Has habitual Internet browsing altered kids’ brains? In this excerpt from his new book The Reading Mind: A Cognitive Approach to Understanding How the Mind Reads, Daniel T. Willingham argues that the brain is always changing, so the effects of web activities aren’t likely to be permanent. In fact, the biggest challenge for young readers may be staying focused on the printed page when having a smartphone means they never have to be bored.
Some observers—including prominent reading researcher MaryAnn Wolf—have suggested that habitual Web reading, characterized by caroming from one topic to another and skimming when one alights, changes one’s ability to read deeply.  Nick Carr popularized this sinister possibility with the question: “Is Google Making us Stoopid?”  In that article (and in a follow-up book, The Shallows), Carr argued that something had happened to his brain.  Years of quick pivots in his thinking prompted by Web surfing had left him unable to read a serious novel or long article.
We’ve all been there. You flick from a document to a website to check a fact. A few minutes later you’re three sites away, watching a video of a donkey eating a burrito (and perhaps, in a moment of clarity, asking “what am I doing with my life?”). The consequences of inveterate rapid attention shifts are an actual change in the wiring of the brain that renders us incapable of focusing attention—or so the argument goes. This does sound similar to the mental change many teachers feel they have seen in their students in the last decade or two; they can’t pay attention, and teachers feel they must do a song and dance to engage them.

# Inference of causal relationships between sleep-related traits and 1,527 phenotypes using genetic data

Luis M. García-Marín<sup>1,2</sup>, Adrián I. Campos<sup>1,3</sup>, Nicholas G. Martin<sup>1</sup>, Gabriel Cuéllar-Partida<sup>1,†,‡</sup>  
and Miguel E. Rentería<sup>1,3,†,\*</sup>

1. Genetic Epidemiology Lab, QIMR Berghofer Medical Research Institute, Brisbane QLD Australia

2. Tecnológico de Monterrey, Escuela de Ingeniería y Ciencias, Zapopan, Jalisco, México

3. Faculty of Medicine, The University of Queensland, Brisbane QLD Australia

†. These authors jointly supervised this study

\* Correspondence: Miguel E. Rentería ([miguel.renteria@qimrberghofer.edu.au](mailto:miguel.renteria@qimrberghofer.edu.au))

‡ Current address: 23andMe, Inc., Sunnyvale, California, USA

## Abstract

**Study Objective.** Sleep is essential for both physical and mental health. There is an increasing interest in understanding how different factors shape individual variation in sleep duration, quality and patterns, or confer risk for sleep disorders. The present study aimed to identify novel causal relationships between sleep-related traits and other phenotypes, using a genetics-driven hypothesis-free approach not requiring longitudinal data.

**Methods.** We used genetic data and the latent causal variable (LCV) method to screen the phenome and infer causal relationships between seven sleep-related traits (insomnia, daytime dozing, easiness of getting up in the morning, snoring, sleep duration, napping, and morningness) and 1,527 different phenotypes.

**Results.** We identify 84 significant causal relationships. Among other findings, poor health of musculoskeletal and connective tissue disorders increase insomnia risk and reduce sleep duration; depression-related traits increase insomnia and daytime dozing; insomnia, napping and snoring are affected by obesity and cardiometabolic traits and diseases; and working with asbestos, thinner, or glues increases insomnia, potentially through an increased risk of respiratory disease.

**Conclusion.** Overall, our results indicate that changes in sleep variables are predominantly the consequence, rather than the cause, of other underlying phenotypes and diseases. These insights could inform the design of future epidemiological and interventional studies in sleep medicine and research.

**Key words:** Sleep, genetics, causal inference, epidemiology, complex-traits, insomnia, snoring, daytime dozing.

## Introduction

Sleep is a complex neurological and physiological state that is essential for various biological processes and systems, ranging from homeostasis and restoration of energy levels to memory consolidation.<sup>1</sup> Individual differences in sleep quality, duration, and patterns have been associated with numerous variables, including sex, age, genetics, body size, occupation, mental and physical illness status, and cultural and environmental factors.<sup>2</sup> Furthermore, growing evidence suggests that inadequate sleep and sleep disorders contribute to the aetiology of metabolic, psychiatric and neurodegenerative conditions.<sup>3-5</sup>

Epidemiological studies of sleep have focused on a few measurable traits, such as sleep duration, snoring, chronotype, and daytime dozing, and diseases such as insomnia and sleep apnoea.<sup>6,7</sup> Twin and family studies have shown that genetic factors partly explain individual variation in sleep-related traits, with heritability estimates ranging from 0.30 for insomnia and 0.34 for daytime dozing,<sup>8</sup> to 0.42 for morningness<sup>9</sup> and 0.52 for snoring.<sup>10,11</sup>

I doubt kids’ brains have changed for the worse, and although a formal poll has not been taken, I suspect most cognitive psychologists are in my camp.  First of all, sure, video games and surfing the Web change the brain. So does reading this book, buying gasoline, or seeing a stranger smile. The brain is adaptive, so it’s always changing.
Well, if it’s adaptive, couldn’t that mean that it would adapt to the need for constant shifts in attention, and maybe thereby lose the ability to sustain attention to one thing? I don’t think so because the basic architecture of the mind probably can’t be completely reshaped. Cognitive systems (vision, attention, memory, problem solving) are too interdependent. If one system changed in a fundamental way—such as attention losing the ability to stay focused on one object—that change would cascade through the entire cognitive system, affecting most or all aspects of thought. I suspect the brain is too conservative in its adaptability for that to happen, and if it had happened, I think the results would be much more obvious. The consequences wouldn’t be limited to our interest in reading longer texts; reading comprehension would drop, as would problem-solving ability, math achievement, and a host of higher cognitive functions that depend on attention and working memory.
More important, I don’t know of any good evidence that young people are worse at sustaining attention than their parents were at their age. They can sustain attention through a three-hour movie like Titanic, just as their parents did. They are capable of reading a novel they enjoy, like The Perks of Being a Wallflower. So I doubt that they can’t sustain attention. But being able to sustain attention is only half of the equation. You also have to deem something worthy of your attention, and that is where I think digital technologies may have their impact. They may change expectations.
I’m bored. Fix it.